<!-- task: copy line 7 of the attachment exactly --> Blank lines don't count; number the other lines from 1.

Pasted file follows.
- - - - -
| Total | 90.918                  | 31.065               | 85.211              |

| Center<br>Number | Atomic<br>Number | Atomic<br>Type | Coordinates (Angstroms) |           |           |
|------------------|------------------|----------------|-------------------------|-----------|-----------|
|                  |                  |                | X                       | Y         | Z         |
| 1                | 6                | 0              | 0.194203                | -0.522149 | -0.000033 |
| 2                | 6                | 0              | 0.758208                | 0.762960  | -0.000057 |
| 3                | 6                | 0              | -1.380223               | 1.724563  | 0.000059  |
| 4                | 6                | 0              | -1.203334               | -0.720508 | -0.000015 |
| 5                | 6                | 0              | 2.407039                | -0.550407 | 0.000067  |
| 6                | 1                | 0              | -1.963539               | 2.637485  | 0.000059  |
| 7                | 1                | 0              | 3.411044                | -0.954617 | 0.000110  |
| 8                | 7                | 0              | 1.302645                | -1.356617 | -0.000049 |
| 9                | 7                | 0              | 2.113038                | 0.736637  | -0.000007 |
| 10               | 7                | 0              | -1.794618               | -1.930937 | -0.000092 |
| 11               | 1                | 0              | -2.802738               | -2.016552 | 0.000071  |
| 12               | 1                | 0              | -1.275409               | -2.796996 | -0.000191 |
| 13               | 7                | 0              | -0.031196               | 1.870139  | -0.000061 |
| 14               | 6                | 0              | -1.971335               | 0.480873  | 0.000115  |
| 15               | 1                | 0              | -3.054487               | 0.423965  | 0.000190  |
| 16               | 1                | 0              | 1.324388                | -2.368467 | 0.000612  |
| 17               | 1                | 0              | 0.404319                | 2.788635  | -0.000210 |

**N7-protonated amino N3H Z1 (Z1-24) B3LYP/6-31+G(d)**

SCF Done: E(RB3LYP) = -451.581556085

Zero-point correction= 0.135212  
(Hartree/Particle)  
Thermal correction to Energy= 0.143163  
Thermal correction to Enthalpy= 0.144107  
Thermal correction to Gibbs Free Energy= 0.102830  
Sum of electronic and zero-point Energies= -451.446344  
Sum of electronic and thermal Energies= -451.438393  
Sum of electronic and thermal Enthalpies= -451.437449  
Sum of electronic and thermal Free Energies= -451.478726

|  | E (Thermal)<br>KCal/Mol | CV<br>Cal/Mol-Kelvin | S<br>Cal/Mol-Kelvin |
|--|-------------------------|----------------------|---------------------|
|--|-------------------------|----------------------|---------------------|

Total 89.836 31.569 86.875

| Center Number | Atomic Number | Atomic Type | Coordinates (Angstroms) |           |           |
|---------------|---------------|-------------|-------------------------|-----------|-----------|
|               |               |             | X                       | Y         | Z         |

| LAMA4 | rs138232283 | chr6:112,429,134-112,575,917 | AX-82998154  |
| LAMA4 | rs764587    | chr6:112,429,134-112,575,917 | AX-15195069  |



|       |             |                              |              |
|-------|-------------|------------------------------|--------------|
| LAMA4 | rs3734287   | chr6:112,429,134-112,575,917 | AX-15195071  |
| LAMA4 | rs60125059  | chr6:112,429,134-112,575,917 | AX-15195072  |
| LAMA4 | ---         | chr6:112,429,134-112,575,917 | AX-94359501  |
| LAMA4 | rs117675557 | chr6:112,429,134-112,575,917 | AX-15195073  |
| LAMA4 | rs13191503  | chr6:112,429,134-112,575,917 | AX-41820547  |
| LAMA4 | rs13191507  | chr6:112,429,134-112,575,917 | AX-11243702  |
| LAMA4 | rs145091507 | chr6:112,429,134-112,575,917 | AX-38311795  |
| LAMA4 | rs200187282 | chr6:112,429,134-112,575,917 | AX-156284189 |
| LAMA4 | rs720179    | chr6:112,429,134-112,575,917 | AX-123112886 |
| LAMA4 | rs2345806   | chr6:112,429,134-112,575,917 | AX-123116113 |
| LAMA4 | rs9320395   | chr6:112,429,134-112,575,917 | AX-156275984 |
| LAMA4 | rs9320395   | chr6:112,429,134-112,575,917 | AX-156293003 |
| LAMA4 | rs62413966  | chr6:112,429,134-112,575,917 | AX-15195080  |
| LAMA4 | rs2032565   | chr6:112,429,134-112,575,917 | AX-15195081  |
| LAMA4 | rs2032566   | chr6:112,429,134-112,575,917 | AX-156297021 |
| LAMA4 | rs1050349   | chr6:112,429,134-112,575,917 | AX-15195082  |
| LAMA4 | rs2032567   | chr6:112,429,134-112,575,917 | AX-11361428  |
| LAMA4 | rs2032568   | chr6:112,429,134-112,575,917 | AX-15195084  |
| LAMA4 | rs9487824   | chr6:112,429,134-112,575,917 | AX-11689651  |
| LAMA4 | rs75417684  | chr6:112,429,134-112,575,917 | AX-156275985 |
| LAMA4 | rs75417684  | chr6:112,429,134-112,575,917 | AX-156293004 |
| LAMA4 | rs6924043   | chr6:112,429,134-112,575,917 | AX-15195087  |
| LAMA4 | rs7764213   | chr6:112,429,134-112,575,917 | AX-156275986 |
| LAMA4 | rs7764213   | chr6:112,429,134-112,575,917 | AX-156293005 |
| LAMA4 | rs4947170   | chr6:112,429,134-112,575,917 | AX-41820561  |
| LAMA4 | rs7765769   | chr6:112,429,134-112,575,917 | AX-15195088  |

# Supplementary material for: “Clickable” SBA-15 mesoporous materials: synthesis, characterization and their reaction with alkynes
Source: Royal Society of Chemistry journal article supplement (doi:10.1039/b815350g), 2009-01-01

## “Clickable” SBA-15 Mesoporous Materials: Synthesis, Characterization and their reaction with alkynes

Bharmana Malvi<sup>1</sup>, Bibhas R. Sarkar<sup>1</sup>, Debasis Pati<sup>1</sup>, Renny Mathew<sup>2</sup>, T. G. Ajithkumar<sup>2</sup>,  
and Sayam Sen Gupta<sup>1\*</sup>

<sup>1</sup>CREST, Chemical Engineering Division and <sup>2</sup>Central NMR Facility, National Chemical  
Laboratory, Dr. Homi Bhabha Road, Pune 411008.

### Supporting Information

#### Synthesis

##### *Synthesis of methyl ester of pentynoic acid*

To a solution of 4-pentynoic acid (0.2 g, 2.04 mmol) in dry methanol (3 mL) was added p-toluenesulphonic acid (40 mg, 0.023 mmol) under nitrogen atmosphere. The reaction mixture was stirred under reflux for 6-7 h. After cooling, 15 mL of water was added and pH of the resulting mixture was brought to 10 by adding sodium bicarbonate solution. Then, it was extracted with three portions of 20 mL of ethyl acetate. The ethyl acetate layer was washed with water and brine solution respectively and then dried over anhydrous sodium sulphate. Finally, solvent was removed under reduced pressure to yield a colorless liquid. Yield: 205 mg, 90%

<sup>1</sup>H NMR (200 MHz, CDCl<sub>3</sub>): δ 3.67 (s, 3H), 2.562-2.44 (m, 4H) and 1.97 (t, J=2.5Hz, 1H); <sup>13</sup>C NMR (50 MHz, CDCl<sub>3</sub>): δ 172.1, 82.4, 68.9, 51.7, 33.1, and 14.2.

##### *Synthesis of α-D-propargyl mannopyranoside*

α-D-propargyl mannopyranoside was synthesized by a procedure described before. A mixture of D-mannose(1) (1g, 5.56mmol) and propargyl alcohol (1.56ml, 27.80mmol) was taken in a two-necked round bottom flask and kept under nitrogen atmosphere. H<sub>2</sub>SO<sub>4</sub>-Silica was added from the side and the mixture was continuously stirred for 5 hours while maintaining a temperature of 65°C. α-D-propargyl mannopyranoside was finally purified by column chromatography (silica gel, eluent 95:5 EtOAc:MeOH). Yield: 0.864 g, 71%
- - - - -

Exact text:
| 3                | 6                | 0              | -1.380223               | 1.724563  | 0.000059  |